Palliative Care: Eligibility and Access

Worried female doctor gestures while discussing something serious with young woman.

Partners in FTD Care, Winter 2020
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Palliative care is specialized and individualized care for people living with a serious medical condition. In FTD, it can be pursued at diagnosis or any point thereafter—unlike hospice, which can only be pursued at the end of life. One can receive palliative care while being treated for other coexisting conditions, and its availability does not depend on whether your condition is curable. Unlike hospice, palliative care does not have state or federal regulations for physician certification, benefit review periods, or capitations. Currently, eligibility for palliative care is dependent solely on a diagnosis of a serious health condition and a referral from a licensed healthcare professional. An FTD diagnosis is therefore sufficient for eligibility.

Palliative care was recognized by the American Board of Medical Specialties as a subspecialty in 2006, and physicians in several specialty disciplines could seek palliative care certification beginning in 2008. But because palliative care is not yet well recognized, particularly within dementia, gaining access to it can be challenging and requires advocacy by family and other providers. (Health providers do not need to be certified in palliative care to embrace its principles.)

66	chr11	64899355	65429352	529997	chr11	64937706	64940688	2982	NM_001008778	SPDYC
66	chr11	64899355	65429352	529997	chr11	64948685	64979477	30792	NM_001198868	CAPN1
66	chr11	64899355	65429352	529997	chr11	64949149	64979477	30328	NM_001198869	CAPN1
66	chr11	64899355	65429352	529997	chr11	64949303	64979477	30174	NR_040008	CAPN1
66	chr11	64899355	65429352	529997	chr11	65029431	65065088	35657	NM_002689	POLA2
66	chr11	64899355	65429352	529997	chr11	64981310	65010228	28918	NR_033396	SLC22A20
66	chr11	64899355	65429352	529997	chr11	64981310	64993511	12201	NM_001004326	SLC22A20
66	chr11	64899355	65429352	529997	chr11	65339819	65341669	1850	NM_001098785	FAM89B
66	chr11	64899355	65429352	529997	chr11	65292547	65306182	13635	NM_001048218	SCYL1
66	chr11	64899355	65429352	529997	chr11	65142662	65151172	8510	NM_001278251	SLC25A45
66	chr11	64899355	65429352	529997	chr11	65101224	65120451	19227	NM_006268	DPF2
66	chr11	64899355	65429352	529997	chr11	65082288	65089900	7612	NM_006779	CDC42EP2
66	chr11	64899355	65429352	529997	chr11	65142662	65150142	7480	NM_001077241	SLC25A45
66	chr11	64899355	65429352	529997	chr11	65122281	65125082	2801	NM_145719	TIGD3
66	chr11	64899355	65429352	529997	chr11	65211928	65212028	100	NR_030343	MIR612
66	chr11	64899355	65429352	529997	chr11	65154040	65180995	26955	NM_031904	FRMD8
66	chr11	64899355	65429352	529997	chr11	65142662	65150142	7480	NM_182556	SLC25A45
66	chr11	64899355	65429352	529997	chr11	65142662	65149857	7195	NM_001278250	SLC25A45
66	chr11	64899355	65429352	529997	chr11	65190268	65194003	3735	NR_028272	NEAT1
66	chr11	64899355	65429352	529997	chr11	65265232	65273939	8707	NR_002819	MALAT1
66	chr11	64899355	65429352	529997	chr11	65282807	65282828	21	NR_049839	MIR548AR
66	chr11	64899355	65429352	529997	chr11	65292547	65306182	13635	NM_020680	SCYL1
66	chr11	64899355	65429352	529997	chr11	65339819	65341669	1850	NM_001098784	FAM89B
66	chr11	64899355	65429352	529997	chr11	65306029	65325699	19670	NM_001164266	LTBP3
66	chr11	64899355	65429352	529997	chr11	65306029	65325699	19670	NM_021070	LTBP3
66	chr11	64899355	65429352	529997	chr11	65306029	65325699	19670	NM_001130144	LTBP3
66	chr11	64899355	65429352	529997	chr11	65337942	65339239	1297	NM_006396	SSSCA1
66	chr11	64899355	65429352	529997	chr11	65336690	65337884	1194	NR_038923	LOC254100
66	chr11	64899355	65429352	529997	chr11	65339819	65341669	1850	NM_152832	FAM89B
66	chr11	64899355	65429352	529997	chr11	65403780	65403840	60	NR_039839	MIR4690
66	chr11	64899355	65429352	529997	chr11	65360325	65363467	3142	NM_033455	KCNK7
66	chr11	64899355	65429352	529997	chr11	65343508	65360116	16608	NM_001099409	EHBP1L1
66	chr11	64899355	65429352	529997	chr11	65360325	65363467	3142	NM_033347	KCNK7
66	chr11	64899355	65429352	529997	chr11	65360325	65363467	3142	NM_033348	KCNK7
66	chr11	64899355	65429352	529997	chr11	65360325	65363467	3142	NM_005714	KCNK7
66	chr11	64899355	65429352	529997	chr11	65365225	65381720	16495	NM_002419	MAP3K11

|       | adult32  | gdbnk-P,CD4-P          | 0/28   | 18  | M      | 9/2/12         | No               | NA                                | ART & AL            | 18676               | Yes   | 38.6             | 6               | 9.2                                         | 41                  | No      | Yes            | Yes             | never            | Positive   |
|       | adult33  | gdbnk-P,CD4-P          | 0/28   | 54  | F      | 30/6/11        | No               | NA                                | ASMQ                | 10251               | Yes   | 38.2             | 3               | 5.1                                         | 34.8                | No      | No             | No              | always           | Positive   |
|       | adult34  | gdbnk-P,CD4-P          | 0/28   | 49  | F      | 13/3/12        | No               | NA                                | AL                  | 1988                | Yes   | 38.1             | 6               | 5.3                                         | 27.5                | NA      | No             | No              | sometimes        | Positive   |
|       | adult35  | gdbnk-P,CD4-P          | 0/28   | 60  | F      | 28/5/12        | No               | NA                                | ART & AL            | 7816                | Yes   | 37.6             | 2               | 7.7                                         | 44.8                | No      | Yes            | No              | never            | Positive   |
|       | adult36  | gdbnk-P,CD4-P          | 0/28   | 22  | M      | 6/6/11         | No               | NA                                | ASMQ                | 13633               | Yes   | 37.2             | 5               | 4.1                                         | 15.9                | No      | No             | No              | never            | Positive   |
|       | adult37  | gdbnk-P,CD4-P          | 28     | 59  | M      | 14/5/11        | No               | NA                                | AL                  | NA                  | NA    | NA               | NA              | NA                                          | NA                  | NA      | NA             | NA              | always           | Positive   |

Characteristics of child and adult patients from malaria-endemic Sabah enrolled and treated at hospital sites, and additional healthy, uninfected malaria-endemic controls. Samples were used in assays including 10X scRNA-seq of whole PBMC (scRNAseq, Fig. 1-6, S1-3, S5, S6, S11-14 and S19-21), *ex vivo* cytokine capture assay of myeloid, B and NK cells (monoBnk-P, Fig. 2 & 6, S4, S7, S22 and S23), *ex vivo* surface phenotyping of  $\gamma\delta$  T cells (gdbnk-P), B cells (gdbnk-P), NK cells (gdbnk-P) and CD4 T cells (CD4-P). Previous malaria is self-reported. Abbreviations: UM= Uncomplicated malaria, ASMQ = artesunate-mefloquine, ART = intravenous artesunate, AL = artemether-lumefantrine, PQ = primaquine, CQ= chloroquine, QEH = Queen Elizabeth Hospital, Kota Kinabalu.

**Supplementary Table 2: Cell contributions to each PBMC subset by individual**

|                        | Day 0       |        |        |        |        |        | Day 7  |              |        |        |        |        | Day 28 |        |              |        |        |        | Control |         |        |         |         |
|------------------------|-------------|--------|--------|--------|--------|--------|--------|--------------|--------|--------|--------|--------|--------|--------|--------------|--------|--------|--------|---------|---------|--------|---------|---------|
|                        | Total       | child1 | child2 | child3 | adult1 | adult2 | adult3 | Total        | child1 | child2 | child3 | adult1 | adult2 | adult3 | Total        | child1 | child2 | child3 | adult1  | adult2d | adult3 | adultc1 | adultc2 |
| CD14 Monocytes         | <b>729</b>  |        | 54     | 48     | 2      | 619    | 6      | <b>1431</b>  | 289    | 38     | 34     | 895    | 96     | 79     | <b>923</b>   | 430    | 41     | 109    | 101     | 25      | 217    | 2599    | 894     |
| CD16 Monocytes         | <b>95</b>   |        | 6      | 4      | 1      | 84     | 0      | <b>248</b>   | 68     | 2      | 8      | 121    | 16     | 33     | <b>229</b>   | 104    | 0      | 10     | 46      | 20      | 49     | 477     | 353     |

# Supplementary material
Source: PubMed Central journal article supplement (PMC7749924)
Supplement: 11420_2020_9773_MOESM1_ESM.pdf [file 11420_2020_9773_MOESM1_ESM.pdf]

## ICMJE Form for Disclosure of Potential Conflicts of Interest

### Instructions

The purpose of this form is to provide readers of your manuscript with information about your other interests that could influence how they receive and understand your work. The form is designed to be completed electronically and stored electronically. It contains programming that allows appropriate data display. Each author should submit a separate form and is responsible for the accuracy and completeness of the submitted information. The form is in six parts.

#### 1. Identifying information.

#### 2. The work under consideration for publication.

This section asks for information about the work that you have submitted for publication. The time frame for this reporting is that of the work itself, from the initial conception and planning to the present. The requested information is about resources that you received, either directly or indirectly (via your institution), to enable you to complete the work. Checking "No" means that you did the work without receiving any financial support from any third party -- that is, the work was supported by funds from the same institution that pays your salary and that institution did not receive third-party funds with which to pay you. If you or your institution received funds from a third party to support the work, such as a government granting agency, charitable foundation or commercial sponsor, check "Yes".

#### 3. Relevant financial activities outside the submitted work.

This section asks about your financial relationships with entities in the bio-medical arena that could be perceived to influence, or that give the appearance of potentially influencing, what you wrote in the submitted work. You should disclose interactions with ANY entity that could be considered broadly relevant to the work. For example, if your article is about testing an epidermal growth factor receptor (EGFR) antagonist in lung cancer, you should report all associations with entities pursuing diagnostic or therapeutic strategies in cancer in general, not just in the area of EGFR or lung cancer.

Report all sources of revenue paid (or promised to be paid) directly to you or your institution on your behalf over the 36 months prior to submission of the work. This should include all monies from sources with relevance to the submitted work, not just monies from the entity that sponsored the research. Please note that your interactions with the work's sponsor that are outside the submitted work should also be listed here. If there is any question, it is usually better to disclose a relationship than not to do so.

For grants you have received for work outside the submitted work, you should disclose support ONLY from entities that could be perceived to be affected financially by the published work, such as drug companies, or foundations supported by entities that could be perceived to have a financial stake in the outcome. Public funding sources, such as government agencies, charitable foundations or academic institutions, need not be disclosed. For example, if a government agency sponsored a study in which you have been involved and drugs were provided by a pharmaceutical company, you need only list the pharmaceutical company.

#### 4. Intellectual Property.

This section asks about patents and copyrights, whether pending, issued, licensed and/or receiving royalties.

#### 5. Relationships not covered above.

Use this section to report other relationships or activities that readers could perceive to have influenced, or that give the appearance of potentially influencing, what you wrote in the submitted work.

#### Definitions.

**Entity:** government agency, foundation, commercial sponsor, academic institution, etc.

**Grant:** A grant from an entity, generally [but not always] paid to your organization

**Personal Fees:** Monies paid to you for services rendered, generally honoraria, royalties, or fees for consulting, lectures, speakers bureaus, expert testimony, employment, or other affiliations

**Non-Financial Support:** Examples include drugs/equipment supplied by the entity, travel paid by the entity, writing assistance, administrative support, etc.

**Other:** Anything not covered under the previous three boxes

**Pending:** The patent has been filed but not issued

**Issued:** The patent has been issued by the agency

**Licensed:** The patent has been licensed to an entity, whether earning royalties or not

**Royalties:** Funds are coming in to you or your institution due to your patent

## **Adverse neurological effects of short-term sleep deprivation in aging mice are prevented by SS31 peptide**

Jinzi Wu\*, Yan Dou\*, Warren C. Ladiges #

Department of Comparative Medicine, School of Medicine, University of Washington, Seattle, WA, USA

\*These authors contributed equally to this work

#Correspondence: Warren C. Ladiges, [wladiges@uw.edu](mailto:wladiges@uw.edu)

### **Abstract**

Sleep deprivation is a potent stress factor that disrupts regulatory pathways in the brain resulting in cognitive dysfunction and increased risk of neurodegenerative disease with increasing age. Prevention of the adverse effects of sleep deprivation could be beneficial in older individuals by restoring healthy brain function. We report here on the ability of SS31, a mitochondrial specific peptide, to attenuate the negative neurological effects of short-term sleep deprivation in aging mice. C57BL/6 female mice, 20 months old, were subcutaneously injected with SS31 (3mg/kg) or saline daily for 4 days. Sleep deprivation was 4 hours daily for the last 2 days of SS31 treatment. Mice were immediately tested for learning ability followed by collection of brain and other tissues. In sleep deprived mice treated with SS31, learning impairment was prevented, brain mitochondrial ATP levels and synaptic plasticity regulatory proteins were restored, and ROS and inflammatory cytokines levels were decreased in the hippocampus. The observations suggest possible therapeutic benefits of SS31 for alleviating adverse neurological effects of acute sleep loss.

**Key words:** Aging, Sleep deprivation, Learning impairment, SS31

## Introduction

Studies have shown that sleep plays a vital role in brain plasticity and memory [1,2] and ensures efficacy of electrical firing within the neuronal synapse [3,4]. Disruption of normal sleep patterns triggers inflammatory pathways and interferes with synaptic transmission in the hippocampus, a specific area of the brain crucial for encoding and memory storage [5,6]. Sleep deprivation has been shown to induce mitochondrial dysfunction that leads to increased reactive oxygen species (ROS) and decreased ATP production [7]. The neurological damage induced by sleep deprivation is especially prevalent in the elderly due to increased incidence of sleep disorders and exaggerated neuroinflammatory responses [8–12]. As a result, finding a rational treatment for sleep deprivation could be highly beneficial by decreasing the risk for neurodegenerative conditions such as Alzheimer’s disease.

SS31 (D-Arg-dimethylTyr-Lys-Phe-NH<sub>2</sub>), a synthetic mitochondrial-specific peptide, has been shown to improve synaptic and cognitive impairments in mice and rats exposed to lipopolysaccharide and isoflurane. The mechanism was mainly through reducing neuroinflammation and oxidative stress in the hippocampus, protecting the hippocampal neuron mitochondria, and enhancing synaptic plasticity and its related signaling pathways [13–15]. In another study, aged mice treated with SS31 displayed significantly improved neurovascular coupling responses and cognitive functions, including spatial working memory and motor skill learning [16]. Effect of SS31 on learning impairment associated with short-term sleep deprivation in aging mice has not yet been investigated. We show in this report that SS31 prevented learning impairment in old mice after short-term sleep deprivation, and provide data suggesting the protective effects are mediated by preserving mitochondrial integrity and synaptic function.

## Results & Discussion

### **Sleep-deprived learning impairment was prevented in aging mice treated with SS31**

Palliative care is as much about supporting the family as it is about caring for the person with FTD. It focuses on increasing quality of life and providing extra support for symptom management of both physical and non-physical symptoms, open discussions about goals of care and treatment choices, coordination of care with new and existing healthcare providers, and emotional and spiritual support. Palliative care can be offered in a variety of settings, including community-, hospital- and facility-based settings.

Healthcare providers can make a referral for palliative care services. Most private insurance plans partially cover these services, just as they would other medical services. Out-of-pocket expenses can include modest co-pays for office visits, treatments, medications, and durable medical equipment. Medicare and Medicaid also typically cover palliative care under advanced disease management services. Concerns about the cost of palliative care can be addressed by a social worker, care manager, or financial advisor at your local hospital.

In FTD, the use of palliative care has been limited. Many healthcare professionals simply do not know about or understand the role palliative care can play in FTD care. In some instances, opportunities to consult with a palliative care team may come only in an inpatient hospital setting.

Looking forward, clinicians must prioritize demystifying common misconceptions around palliative care, removing the stigma that often surrounds it, and presenting it as an option as soon as possible. Doing so will lead to more timely referrals, and ultimately, better quality of life for persons diagnosed with FTD and their families.

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